[1] The three views presented here are best viewed on a continuum. Often, the three views we have presented are divided further, until there are four or more models of the relation between theology and science. See, for example, Richard F. Carlson, ed. Science and Christianity: Four Views (Downers Grove: IVP, 2000).

[2] Clark, To Know and Love God, 284.

[3] This list is a slight modification of Clark’s five points. Clark, To Know and Love God, 287-294.

[4] These three principles are adapted from Norman Geisler’s treatment in Norman L. Geisler, “Science and the Bible,” in Norman L. Geisler, Baker Encyclopedia of Christian Apologetics (Grand Rapids: Baker, 1999), 691-692.

[5] An article by theoretical particle physicist Stephen Barr (University of Delaware) provides five examples where scientists have wrongly criticized theologians. Stephen Barr, “Retelling the Story of Science,” in First Things 131 (March 2003), 16-25.

[6] Thomas Kuhn’s The Structure of Scientific Revolutions, 3d ed. (Chicago: University of Chicago, 1996), has made clear that science does not always progress rationally, and that it indeed often reverses tracks or finds itself in the midst of irrational and radical paradigm shifts.

Doing Theology as a Servant of Jesus (11): Some Thoughts on Theology, Philosophy, and Science

Many of the most formative moments of my life occurred during college (waaaayyy back in the mid 90s). I had just recently truly embraced Christ and had begun to realize the moralism and self-righteousness that had blurred my spiritual and theological vision. During those years, I began to realize that, if the gospel is true, then it is relevant to absolutely every realm of thought. More to the point, I began to realize that it is relevant to disciplines such as philosophy and science, which have often been held up as the rational ideals and cultural authorities for any civilized person. In the first centuries of the church’s existence, philosophy held the position of “cultural authority” (for many people), while in the past several centuries, science has held that position (for many people). In fact, when Christians do theology publicly, the elephant in the room usually is “the sciences.” Perhaps no subject has been so sharply divisive over the past centuries. One thinks of Galileo’s persecution at the hands of the Catholic and Protestant churches, of the divisive nature of the Scopes monkey trials, and of the acrimony that sometimes exists today between theologians and scientists.

In light of the robust presence of philosophy and science in our cultural spaces, and in light of the contributions that have been made by philosophers and scientists, this installment (together with the next two installments) argues that theologians benefit from dialogue with philosophers, scientists, and those who work in other fields of learning. In such encounters, how should theologians view the fruits of philosophy, science, or some other discipline, especially if the practitioners with whom they interact are not believers and do not take into account the teaching of Christian Scripture?

Levels of Reflection:

Before tackling the notions of philosophy and science separately (in the next two blog installments), first we must provide a conceptual map relating those disciplines to Scripture, biblical theology, worldview, and systematic theology. Craig Bartholomew and Michael Goheen provide such a map.[1] In their view, Scripture is the inspired Word of God. Biblical theology is the study of Scripture which conceives of and articulates Scripture as a unified and coherent narrative which is the true story of the whole world. Worldview consists of the basic beliefs drawn from the biblical narrative, in interaction with a particular culture’s basic beliefs.[2] Systematic theology and Christian philosophy both arise from Scripture, biblical theology, and worldview. They, like worldview, are abstractions from the biblical story. Other disciplines (e.g. the arts, the sciences, business, economics) arise from Christian philosophy and systematic theology, drawing upon them as they study the particulars of their own creational reality.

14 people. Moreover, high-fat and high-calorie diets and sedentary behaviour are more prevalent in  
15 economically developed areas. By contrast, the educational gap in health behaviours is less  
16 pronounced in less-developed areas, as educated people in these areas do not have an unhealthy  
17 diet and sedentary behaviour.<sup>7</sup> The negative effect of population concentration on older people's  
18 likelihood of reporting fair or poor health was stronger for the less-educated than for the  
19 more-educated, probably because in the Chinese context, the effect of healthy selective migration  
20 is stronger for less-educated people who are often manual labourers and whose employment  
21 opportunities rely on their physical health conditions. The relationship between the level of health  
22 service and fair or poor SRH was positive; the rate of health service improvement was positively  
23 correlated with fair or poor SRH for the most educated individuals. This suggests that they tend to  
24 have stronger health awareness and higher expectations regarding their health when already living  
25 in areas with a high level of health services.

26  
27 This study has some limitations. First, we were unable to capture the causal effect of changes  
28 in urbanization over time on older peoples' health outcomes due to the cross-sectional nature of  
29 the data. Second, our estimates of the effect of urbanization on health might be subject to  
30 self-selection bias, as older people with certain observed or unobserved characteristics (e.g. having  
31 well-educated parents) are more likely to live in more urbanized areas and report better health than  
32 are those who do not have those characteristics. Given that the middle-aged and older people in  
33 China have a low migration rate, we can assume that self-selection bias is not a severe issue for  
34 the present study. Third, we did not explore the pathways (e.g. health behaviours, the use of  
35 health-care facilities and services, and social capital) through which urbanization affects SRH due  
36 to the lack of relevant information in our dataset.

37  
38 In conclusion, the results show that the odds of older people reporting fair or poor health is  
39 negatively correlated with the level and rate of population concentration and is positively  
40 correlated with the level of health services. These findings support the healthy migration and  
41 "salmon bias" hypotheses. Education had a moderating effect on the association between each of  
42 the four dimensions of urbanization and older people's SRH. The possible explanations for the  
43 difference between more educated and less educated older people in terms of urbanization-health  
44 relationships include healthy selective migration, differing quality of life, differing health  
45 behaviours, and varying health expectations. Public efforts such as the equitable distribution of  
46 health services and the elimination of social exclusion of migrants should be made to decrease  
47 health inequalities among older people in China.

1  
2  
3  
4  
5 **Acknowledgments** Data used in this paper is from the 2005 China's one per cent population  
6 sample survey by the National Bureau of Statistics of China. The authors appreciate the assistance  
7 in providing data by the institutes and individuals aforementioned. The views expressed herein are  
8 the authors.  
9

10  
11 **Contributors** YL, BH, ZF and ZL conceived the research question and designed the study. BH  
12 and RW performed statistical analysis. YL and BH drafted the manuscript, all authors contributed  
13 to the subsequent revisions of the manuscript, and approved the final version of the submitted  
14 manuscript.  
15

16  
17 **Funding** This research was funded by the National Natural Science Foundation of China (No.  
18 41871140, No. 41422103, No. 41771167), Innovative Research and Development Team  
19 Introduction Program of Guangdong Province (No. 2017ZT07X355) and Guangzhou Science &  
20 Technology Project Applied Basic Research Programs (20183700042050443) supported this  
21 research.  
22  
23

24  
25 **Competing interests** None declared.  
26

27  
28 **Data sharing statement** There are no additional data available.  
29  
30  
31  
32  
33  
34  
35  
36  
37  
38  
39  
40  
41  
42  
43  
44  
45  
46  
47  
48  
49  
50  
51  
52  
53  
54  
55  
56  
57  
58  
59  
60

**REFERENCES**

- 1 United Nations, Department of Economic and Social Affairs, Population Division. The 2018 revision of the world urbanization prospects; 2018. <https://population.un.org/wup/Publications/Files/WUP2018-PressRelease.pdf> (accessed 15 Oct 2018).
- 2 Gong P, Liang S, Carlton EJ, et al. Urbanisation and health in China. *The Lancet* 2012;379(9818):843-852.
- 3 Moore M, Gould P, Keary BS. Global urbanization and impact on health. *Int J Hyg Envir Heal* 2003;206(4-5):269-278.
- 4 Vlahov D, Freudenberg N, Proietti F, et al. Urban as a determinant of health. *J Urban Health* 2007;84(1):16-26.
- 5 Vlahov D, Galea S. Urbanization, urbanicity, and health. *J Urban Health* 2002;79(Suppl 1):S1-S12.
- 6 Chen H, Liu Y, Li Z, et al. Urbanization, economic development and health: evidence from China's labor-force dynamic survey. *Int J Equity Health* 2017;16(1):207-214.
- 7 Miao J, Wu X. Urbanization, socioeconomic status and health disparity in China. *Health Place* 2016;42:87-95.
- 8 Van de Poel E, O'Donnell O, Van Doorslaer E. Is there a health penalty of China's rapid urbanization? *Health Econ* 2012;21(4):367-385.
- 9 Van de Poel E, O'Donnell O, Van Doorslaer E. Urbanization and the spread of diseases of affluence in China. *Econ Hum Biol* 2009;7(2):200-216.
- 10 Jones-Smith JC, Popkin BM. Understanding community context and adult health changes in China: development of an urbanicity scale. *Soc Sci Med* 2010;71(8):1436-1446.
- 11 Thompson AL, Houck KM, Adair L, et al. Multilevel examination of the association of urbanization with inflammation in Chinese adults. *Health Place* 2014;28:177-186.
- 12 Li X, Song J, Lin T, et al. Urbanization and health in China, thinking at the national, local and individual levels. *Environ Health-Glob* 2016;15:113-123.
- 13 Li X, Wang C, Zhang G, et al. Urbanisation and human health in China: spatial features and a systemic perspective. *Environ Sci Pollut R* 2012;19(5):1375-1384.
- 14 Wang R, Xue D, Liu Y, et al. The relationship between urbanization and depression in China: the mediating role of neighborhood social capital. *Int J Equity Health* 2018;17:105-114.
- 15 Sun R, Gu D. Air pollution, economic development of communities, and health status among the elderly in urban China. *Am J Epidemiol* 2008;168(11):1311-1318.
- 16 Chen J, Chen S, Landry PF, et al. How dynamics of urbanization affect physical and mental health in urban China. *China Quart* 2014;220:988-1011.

The larger model, therefore, has five tiers:

Scripture (God’s Word written)

Biblical Theology (the story of the Bible)

Christian Worldview

Christian Philosophy & Systematic Theology

Other Disciplines

They further explain this model by means of an analogy, comparing knowledge with a tree.[3] In this analogy, the roots of the tree are “faith,” or the direction of the heart. All humans practice faith, either in God or in idols. The base of the trunk is biblical theology, providing the foundation and trajectory for the growth of the tree. The main body of the trunk is a Christian worldview, which in turn has two main branches, namely, systematic theology and Christian philosophy. Growing from those two main branches are further branches, which represent the special sciences, the various disciplines which each have their own creational integrity. In this view of things, Christian theology and Christian philosophy stand side-by-side in the search for truth. Neither discipline seeks to build its knowledge independent of God’s revelation. Both disciplines arise from the biblical narrative and its attendant Christian worldview, and therefore find themselves in a healthy and fruitful dialogue and partnership with one another.

[1] Michael Goheen and Craig Bartholomew, Living at the Crossroads: An Invitation to Christian Worldview (Grand Rapids: Baker Academic, 2008), 26-28.

[2] Goheen and Bartholomew, Living at the Crossroads, 27.

[3] Craig Bartholomew and Michael Goheen, Liberating Christian Philosophy (Grand Rapids: Baker Academic, forthcoming 2012), chs. 1-2.